2. I love buying cute notebooks and filling them up.

    3. Lists are much cooler than, Dear Diary, Blah, blah, blah…

    (I mean really, I already did that whole Dear Diary thing way back in third grade, and I’m so over it.)

    4. People who write lists are more likely to succeed.

    (I’m pretty sure that’s a proven fact. I just can’t remember who proved it.)

    5. I LOVE writing lists!

    Three Ways My Lists Help Me Succeed

    1. I’m a superorganized person, and my lists help me stay organized.

    2. When your grades are just so-so like mine, turning in your work on time helps. My lists help me never miss an assignment. (My neatness helps too. Neat, on-time assignments usually get pretty good grades even when all the answers aren’t right.)

    3. My lists calm me down. When I’m overwhelmed and anxious and feel like I can’t get everything done, I write a list. Some of my teachers have told my parents that if I spent as much time on my schoolwork as I do on my lists, I’d be a much better student. What they don’t understand is that without my lists, I wouldn’t be able to get anything done.

    Ten Things I Hate about Sixth Grade

    1. Alli and Cami (aka AlliCam) are NOT in my homeroom.

    2. Ditto

    3. Ditto

    4. Ditto

    5. Ditto

    6. Ditto

    7. Ditto

    8. Ditto

    9. Ditto

    10. Ditto

    One Really Supersweet Thing AlliCam Did for Me

    Gave me an AlliCam Withdrawal Survival Kit.

    Four Things Inside the AlliCam Withdrawal Survival Kit

    1. A photo to hang in my locker of the three of us at camp last summer.

    2. A blue, braided friendship bracelet.

    (They each have one exactly the same.)

    3. A luggage tag for my backpack that says, SPF—SISTERS, POMS, FRIENDS.

    4. A small spiral notebook perfect for writing notes to them.

    (The front cover of the notebook has three kittens on it that they labeled Abigail, Alli, and Cami. Then they drew little purple pom-poms in each one of the kittens’ paws and wrote at the top, POMS FOREVER.)

    Three Things I’m Thankful For

    1. The orthodontist said I don’t have to get my braces until January. So I don’t have to start middle school with a mouth full of metal. Yay! Most importantly, I won’t have to be happy hardware face at pom-pom tryouts.

    2. My hair is finally normal after the perm disaster.

    Alli and Cami both have wavy hair, and I love, love, love it! So I begged my mom for a perm. She tried to talk me out of it, but since she’s the reason I have such straight, boring, lifeless hair (hers is exactly the same way), she felt bad for me and gave in.

    Man, I wished I could’ve pressed the rewind button that day. I walked out of the salon looking like a bigheaded poodle. Ugh! I told the lady waves not curls. But adults just don’t get it sometimes. At least it was the beginning of the summer, and I didn’t have to go to school. Mom took me back to the salon the next day for a haircut, and I got most of it cut off. My hair was supershort. I hated it! But it was better than being POODLE GIRL all summer. My hair was finally back to normal length the week before school started. Whew!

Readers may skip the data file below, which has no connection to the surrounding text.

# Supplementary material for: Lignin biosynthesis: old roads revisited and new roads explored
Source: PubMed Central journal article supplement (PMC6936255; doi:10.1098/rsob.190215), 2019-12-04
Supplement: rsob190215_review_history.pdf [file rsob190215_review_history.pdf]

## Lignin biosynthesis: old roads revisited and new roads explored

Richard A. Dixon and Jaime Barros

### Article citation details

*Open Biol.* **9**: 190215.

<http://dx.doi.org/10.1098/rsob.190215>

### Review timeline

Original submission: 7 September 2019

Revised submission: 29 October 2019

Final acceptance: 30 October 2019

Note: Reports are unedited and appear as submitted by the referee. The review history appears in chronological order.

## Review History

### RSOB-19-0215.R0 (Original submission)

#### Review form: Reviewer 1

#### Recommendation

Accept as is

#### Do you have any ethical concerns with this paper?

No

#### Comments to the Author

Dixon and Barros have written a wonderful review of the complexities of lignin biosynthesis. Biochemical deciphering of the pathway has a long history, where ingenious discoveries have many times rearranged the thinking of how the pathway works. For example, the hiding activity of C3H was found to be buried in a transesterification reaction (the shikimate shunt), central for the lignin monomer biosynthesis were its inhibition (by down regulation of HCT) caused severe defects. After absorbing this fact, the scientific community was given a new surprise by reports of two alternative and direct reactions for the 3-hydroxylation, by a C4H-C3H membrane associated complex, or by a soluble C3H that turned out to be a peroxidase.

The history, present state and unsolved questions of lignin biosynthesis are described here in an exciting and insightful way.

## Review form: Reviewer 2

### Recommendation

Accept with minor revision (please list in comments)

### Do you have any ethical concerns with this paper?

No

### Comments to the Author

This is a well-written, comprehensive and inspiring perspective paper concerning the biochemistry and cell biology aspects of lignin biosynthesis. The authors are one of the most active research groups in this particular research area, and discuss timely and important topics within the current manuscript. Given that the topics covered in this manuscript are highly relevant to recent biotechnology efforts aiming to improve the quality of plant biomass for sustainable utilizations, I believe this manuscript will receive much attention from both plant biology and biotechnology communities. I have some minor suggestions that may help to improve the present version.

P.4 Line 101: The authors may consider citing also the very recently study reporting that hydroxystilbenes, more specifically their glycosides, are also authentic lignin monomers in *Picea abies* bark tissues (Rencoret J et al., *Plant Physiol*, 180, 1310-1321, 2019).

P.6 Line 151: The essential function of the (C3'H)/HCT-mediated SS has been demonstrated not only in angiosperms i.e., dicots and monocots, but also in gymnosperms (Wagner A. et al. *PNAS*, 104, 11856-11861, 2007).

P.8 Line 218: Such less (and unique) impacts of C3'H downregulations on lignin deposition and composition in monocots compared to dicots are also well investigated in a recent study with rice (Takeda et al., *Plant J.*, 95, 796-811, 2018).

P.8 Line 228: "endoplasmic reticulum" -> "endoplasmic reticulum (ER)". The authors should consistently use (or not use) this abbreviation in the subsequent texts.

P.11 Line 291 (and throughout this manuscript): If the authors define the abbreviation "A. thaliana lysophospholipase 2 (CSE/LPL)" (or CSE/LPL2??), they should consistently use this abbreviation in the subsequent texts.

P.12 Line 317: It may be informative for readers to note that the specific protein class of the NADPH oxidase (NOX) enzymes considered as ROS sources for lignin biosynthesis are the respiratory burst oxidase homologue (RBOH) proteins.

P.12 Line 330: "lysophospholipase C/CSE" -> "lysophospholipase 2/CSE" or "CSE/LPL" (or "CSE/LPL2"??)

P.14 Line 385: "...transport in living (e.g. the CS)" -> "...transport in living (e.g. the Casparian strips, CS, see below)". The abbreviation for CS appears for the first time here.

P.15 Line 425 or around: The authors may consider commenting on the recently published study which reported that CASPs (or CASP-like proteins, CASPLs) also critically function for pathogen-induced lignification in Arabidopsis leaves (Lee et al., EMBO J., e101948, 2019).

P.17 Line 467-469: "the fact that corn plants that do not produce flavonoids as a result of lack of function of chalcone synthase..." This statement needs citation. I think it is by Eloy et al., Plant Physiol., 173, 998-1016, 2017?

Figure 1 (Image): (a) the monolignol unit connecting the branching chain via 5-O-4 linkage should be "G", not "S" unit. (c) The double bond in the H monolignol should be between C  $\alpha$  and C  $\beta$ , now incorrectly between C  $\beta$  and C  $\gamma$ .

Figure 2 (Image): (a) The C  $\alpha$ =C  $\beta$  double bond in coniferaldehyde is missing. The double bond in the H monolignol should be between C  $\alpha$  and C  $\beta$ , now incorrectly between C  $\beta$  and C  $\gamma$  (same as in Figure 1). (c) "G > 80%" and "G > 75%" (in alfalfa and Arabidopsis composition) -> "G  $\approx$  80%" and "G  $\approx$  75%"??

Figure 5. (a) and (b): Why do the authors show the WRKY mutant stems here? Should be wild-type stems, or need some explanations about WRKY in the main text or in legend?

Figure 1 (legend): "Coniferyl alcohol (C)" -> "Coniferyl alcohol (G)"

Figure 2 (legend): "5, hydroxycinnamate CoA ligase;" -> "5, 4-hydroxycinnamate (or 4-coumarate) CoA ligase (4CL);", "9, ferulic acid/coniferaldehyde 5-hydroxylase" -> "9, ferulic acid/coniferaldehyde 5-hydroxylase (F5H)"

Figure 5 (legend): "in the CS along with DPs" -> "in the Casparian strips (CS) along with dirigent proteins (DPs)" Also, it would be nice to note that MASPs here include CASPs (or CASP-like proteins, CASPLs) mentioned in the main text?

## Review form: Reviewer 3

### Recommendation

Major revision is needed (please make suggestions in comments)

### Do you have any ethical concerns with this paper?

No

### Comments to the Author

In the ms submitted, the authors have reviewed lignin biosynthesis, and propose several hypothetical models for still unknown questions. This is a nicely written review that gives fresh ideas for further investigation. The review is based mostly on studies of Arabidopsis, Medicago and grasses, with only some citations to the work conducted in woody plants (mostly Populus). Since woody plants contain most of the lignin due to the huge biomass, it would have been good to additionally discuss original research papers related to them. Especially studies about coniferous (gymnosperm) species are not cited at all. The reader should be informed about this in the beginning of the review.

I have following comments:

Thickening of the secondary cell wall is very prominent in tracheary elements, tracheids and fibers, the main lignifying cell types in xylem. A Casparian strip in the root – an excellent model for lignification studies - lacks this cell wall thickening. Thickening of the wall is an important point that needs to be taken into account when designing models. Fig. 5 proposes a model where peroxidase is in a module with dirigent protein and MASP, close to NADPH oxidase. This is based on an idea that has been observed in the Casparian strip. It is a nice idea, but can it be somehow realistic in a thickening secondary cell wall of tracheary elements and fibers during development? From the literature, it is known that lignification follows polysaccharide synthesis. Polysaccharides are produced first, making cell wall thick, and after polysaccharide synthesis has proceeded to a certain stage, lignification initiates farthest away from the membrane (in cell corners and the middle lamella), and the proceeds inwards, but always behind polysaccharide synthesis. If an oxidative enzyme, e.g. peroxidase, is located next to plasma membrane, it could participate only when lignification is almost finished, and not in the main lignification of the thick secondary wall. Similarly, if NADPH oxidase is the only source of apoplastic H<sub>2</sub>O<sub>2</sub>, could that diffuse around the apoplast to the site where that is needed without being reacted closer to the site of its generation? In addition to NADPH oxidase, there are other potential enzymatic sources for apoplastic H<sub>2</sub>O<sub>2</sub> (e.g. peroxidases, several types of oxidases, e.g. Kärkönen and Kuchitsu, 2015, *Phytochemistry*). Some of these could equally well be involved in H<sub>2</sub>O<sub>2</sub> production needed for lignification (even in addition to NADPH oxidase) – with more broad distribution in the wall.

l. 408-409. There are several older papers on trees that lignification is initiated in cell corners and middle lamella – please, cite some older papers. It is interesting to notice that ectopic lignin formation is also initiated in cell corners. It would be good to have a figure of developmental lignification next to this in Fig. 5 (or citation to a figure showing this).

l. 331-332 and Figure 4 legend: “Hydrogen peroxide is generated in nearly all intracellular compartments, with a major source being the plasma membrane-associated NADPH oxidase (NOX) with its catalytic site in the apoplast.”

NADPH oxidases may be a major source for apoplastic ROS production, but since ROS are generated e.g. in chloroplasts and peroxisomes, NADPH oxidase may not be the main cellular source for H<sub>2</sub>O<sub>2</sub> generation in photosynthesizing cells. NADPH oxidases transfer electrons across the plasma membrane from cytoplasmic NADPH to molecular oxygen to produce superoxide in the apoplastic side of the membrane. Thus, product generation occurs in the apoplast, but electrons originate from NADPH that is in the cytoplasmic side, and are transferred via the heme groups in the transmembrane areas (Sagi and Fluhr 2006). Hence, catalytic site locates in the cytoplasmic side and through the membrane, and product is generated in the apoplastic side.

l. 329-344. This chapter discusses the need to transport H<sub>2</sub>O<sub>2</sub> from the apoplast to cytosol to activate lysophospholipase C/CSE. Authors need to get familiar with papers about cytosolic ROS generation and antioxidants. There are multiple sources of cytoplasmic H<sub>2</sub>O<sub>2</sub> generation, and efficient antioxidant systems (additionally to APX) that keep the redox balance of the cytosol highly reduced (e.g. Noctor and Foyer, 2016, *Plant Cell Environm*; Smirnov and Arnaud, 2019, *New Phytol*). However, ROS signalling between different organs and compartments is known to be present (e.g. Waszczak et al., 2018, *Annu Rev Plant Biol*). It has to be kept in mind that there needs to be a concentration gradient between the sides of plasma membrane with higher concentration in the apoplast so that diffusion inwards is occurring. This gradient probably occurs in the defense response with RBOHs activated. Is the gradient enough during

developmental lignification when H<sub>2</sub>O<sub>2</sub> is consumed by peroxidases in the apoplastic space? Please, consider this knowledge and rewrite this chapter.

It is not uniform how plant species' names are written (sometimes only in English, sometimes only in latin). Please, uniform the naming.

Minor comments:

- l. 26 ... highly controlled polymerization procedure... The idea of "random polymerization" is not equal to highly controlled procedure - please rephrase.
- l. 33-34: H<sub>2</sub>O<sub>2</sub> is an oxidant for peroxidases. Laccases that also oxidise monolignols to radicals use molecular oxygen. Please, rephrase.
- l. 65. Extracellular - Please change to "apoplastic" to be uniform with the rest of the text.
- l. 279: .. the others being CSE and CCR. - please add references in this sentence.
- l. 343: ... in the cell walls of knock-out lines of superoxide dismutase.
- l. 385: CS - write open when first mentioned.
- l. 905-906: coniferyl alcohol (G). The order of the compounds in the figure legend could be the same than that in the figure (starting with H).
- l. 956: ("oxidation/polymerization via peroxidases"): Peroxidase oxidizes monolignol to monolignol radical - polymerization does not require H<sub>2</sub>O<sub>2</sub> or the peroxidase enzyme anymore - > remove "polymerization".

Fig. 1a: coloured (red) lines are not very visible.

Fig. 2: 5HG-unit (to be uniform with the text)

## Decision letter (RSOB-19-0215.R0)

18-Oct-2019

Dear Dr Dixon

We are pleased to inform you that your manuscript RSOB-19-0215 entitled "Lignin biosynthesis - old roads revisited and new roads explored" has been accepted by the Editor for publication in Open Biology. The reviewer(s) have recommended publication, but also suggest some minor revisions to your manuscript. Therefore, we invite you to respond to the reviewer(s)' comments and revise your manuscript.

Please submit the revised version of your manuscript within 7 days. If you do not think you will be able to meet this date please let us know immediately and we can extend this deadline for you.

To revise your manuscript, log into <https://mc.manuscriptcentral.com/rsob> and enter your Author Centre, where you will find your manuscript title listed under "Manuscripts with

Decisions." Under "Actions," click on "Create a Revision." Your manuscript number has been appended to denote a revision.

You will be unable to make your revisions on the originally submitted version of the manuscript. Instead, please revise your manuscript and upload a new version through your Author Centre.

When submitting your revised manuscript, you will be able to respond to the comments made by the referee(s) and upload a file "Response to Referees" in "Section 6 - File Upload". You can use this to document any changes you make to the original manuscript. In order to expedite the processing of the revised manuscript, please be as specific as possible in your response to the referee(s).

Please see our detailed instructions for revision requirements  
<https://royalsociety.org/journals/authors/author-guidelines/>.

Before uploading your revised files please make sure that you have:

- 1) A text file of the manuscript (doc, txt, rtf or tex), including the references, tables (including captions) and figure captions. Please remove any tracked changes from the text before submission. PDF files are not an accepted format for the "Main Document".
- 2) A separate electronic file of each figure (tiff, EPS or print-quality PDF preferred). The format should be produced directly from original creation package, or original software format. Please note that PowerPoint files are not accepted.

3. AlliCam and I have the coolest clothes for school this year. Shopping was, like, a full-time job for us this summer.

    The List I Made for Our Summer Shopping Schedule

    1. Sundays: collect sale ads from the newspaper.

    2. Mondays: circle everything we like.

    3. Tuesdays: get my mom to drop us at the mall.

    4. Wednesdays: get Cami’s mom to drop us at the outlet center.

    5. Thursdays: get Alli’s mom to drop us at the thrift shop.

    6. Fridays and Saturdays: try on everything we bought and decide if we really like it.

    We planned to shop like this all summer, but we ran out of birthday and babysitting money after two weeks. So we spent the rest of the summer making up more pom-pom routines and practicing them.

    Three Reasons We Ran Out of Birthday and Babysitting Money So Quickly

    1. We all have winter birthdays. AlliCam’s birthdays are in January. Mine is February, so none of us had much birthday money left by summertime.

    2. AlliCam both got sick of their babysitting jobs. The families they babysat for had only boys, and they were monsters, so they both stopped babysitting.

    3. I liked the kids I babysat for, but I didn’t like babysitting on Friday and Saturday nights when AlliCam were together doing fun things without me like makeovers, manicures, and workout videos. I hated missing out on all that, so I kept saying I was busy when the moms asked me to babysit, and eventually they stopped asking me. (My mom was not too thrilled once she realized what had happened, but AlliCam were my best friends. What was I supposed to do?)

    A Few Things I’m Not So Thankful For

    1. Even with the poodle-perm incident behind me, my hair is nothing to brag about. Its color: dirty dishwater. (Doesn’t that sound attractive?) Its style: nonexistent because it’s as limp as a dirty dishrag. (Doesn’t that sound fashionable?) Its condition: oily and dull thanks to the hormones of puberty—that’s what Mom says. (Doesn’t that sound disgusting?)

    2. So I do the best I can with what I have, and mostly I wear my dirty,

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    4.3
    3 Bewertungen / 2 Rezensionen
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    • (5/5)
      It's the start of 6th grade and all Abigail wants is to be a pom-pom girl. It's the most popular thing to do in school. Abigail and her two best friends have everything all worked out - until she doesn't make the team. Abigail is devastated. And that isn't the worst thing. She isn't in the same homeroom as her two best friends, she doesn't like her teacher, and most important she has been teamed up with the school's biggest loser. Life in middle school is nothing like what Abigail imagined, she must rise to the occasion and learn about true friendships. This story is realistic with wonderful dialogue. This is a must read for every young girl entering middle school. Written in short lists, notes and journal entries, this makes for a great read especially for reluctant readers. A story of friendship and doing what is right, I give this book 5 stars!
    • (4/5)
      Always Abigail is a cutesy story about a girl. When school starts she and her two best friends are excited about being Pom Girls. But the friends are assigned different classrooms. Abigail wants to be in on things, and even know she knows the right thing to do, has a had time having the back bone to do it. When she is paired up with the least popular girl in her grade for a project and it seems as if they have a lot in common, she ends up with frequent Gabby guilt. She gets a lot of pressure from her other friends and her crush to not be friendly with Gabby and join in in the teasing of her. It takes Abigail a while to get to the place where she can decide what she wants and the kind of person she wants to be. Cute format. Lots of list making and letters. I don't know if this will have wide cross-gender appeal.